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The “Vienna Beef” Sign – plea for support!

The Maxwell Street Foundation (MSF) hosted a webinar on Zoom led by The Conservation Center on 10/19/2020, where the Center’s conservators virtually walked us through their conservation process recently completed for the “Vienna Beef” sign from the MSF’s collection of Maxwell Street artifacts.

Maria Ochalek, the Director of Client Services at the Center, welcomed the group and spoke about The Conservation Center as the largest private art conservation lab in the USA. It’s located in Chicago’s West Town neighborhood in a former gold storage facility, with the adaptive reuse of the building designed by architect Jeanne Gang.

Lori Grove of the MSF spoke about our colorful “Vienna Beef” sign, which is about 3’ x 5 ½’ on paper & masonite. It is one of the few pieces in the MSF collection where there is no provenance. When the market was moved from its historic location on Maxwell Street in 1994, the MSF was collecting a variety of artifacts with no dedicated central collection storage, and sometimes we received items from third parties. This was an item that we recorded as coming into our collection in 1996, two years after the move in 1994, and we do not know who donated it or where the piece was displayed at the Market. The sign could be c. 1950s-80s. Lori was curious to know whether it might be the work of commercial artist Gus Korn, who worked for Vienna Beef doing advertising work. The Vienna Beef factory was in the Maxwell Street neighborhood starting in 1893 for many decades until they moved to their Damen location, and provided local street stands and restaurants that sold Vienna Beef products in the Market area with Vienna Beef signs.

Josh, the Head of Object Conservation, explained the condition of the piece with photos, showing the damage in terms of tears to the masonite. He treated these areas by injecting an acrylic resin in a solvent near the edges where there was damage, which wicked into the pores to shore up and stop further damage to these areas. He used clamps to keep down any swelling. In certain areas, he put a caul, or patch of Kozo paper, which is a special paper used in conservation, on the back of the piece where the board was torn all the way through.

Bozena, the Head of Paper Conservation, had the actual sign behind her, and spoke about doing many initial tests to determine what the surfaces showed in terms of the composition of the stains. She found that many of the stains were fat or grease stains, so she feels the piece may have been inside, near cooking areas. She felt that the colors were water soluble and the lines were not sharp, so she doesn’t think it was screen printed or fully screen printed, but she is not sure. Bozena painstakingly cleaned the piece with warm water, and used an alcohol swab to kill areas with mold. Bozena also did some in-painting with watercolors to make the surface more even.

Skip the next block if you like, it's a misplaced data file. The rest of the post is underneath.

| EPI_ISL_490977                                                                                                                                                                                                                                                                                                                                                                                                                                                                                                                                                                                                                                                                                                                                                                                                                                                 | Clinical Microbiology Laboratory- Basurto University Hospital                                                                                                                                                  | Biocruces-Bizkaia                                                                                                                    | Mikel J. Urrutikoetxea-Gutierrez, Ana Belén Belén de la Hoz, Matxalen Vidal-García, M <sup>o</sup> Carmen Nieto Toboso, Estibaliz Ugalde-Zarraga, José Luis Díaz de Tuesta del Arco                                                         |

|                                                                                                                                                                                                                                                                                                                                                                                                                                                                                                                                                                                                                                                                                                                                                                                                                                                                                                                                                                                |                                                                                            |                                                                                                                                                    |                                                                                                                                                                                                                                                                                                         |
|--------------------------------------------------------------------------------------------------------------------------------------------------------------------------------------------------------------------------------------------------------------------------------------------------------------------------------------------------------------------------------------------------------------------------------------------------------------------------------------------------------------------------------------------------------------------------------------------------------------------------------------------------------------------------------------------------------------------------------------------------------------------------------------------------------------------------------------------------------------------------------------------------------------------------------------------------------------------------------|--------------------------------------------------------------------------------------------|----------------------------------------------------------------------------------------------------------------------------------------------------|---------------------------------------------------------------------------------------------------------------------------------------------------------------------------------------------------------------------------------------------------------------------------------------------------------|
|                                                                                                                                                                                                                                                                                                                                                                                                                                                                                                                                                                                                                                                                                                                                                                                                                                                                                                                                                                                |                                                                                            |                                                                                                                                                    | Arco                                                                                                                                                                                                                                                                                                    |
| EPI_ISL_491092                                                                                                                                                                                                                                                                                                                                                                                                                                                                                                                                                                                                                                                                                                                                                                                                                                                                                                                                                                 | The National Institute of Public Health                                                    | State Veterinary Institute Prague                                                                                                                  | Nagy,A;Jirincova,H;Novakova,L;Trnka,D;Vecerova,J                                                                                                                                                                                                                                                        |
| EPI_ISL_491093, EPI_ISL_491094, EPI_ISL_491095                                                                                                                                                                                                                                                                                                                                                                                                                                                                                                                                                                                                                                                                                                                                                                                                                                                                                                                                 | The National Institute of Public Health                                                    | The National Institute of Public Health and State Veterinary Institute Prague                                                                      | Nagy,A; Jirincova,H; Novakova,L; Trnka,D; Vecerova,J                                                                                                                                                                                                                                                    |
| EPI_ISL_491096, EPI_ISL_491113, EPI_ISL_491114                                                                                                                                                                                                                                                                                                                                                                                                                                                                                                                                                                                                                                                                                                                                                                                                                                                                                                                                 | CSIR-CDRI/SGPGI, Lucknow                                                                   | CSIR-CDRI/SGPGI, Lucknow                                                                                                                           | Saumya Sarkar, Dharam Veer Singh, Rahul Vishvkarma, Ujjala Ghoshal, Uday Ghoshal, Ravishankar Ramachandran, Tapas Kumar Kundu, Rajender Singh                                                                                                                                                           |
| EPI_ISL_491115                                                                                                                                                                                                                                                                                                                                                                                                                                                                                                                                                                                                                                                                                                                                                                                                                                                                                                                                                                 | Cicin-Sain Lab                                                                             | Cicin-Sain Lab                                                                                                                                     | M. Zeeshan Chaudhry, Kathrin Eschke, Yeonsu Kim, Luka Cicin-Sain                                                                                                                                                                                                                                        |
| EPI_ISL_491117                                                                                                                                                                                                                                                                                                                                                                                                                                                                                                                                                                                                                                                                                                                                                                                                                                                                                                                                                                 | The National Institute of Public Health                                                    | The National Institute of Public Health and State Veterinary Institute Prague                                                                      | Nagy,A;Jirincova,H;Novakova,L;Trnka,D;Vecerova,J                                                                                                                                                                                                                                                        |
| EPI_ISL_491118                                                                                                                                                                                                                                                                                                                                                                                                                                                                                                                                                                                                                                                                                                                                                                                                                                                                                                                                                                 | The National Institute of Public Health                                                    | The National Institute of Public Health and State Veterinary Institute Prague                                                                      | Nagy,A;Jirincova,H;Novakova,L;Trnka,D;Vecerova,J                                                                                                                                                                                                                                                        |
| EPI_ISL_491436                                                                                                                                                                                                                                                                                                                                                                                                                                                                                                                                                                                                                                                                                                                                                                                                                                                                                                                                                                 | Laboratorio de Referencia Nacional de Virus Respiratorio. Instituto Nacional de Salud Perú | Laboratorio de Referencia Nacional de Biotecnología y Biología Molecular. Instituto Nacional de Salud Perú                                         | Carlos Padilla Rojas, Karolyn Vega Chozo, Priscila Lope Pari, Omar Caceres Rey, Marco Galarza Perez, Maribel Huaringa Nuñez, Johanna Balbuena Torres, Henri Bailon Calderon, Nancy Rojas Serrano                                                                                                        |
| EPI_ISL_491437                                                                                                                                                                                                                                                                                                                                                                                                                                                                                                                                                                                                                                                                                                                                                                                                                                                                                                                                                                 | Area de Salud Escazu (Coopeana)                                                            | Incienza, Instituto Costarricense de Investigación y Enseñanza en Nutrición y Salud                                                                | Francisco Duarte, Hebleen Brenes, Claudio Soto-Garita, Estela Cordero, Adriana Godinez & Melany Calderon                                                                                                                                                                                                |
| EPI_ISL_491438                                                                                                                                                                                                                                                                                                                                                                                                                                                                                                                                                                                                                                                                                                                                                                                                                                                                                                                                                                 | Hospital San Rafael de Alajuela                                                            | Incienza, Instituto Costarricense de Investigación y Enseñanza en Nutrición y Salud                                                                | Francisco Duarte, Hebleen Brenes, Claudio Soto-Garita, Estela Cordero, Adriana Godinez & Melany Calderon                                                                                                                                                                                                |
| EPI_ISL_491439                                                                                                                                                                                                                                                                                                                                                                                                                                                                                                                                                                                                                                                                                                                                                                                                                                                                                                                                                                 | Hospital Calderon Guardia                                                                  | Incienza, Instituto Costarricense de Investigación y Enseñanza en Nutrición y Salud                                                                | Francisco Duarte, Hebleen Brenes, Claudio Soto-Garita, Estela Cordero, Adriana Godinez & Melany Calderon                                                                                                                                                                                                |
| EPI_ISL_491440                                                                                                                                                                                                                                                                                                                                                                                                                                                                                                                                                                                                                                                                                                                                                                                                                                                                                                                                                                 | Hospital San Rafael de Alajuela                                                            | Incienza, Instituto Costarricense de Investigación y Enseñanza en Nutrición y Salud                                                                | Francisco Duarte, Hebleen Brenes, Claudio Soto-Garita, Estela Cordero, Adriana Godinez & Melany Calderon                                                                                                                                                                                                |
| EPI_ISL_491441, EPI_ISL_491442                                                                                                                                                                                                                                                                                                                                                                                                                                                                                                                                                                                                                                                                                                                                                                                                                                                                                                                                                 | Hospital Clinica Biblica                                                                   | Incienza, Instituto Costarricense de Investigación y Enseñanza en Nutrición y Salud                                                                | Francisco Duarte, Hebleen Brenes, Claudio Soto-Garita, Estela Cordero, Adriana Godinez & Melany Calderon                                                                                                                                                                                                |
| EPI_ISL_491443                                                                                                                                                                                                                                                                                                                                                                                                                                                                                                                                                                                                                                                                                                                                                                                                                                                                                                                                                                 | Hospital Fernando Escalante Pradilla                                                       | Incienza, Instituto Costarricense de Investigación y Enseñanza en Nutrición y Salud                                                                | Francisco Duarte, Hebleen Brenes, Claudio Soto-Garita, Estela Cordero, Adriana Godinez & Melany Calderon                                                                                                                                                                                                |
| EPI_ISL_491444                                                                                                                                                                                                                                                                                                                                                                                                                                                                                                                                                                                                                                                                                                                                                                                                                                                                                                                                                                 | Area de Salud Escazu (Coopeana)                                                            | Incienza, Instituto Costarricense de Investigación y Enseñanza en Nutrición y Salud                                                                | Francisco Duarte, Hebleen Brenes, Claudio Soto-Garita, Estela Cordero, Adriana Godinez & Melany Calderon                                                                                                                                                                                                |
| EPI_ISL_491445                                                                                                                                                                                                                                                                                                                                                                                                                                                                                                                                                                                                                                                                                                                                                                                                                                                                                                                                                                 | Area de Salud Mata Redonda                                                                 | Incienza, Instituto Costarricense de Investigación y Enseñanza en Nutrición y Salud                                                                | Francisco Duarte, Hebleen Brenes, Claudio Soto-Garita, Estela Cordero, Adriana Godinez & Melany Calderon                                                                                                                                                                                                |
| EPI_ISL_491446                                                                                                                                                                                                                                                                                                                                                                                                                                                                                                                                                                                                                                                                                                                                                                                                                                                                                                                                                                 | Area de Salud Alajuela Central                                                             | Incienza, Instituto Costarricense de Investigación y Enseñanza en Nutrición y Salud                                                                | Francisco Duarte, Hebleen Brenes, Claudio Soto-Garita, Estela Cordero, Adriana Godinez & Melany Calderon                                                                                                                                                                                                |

Maria emphasized the distinction between restoration and conservation — The Conservation Center only does conservation. This means everything they do is reversible, so if there are advancements in the future in conservation, their work can be undone. In other words, with a piece of furniture, they would never strip the old finish off and restore — they would only conserve what was there with reversible methods.

Lori talked about the MSF’s plans for the sign. The Foundation intends to program the conserved sign with a detachable mounting system that will make it safely lendable to organizations for display. The MSF has loaned artifacts or created their own small exhibits for display of Maxwell Street Market history to places like the Museum of Science and Industry, the University of Illinois at Chicago, Chicago History Museum, Spertus Institute, Harold Washington Library, Vienna Beef, and St. Ignatius College Prep to name a few.


The Foundation seeks supporters who will help the Foundation pay for the Vienna Beef sign’s conservation and mounting system!

The conservation of the sign was $1,580. Maria then showed the custom mount making proposal on screen that The Conservation Center could make while the sign is still in their possession, which is proposed to cost $935. The piece has adjustable brackets that use gravity to conservation standards so they do not harm the sign. The brackets attach to a structure that goes behind the sign with two holes where hardware would be used to attach the back mount to the wall. Included in this, The Conservation Center would create a container for the piece and for the mount separately out of soft archival materials and cardboard. This would be sufficient for careful local transport, although The Conservation Center still recommends contracting with an art handler for any transport. However, if the MSF was going to be shipping the piece over any distance, they could create a box & crate for the sign and its mount for this, and this would be an additional quote/fee. This may be a future fundraising goal.

The MSF urges anyone interested in donating to offset the expense of the conservation and to help with the proposed mount for future display of this iconic piece planned for a variety of venues in the coming years.  Please go to our website to use the “Support us” tab to donate through PayPal, or  send a check to our post office address below.  The MSF is a 501 (c) (3) organization and your donation will be tax deductible and each donor will receive an acknowledgement letters at the end of the tax year in which the donation was received.

Please help support our MSF initiatives to preserve Maxwell Street History.  In advance, we thank you!


Maxwell Street Foundation

P.O. Box 4307

Chicago, IL, 60680-4307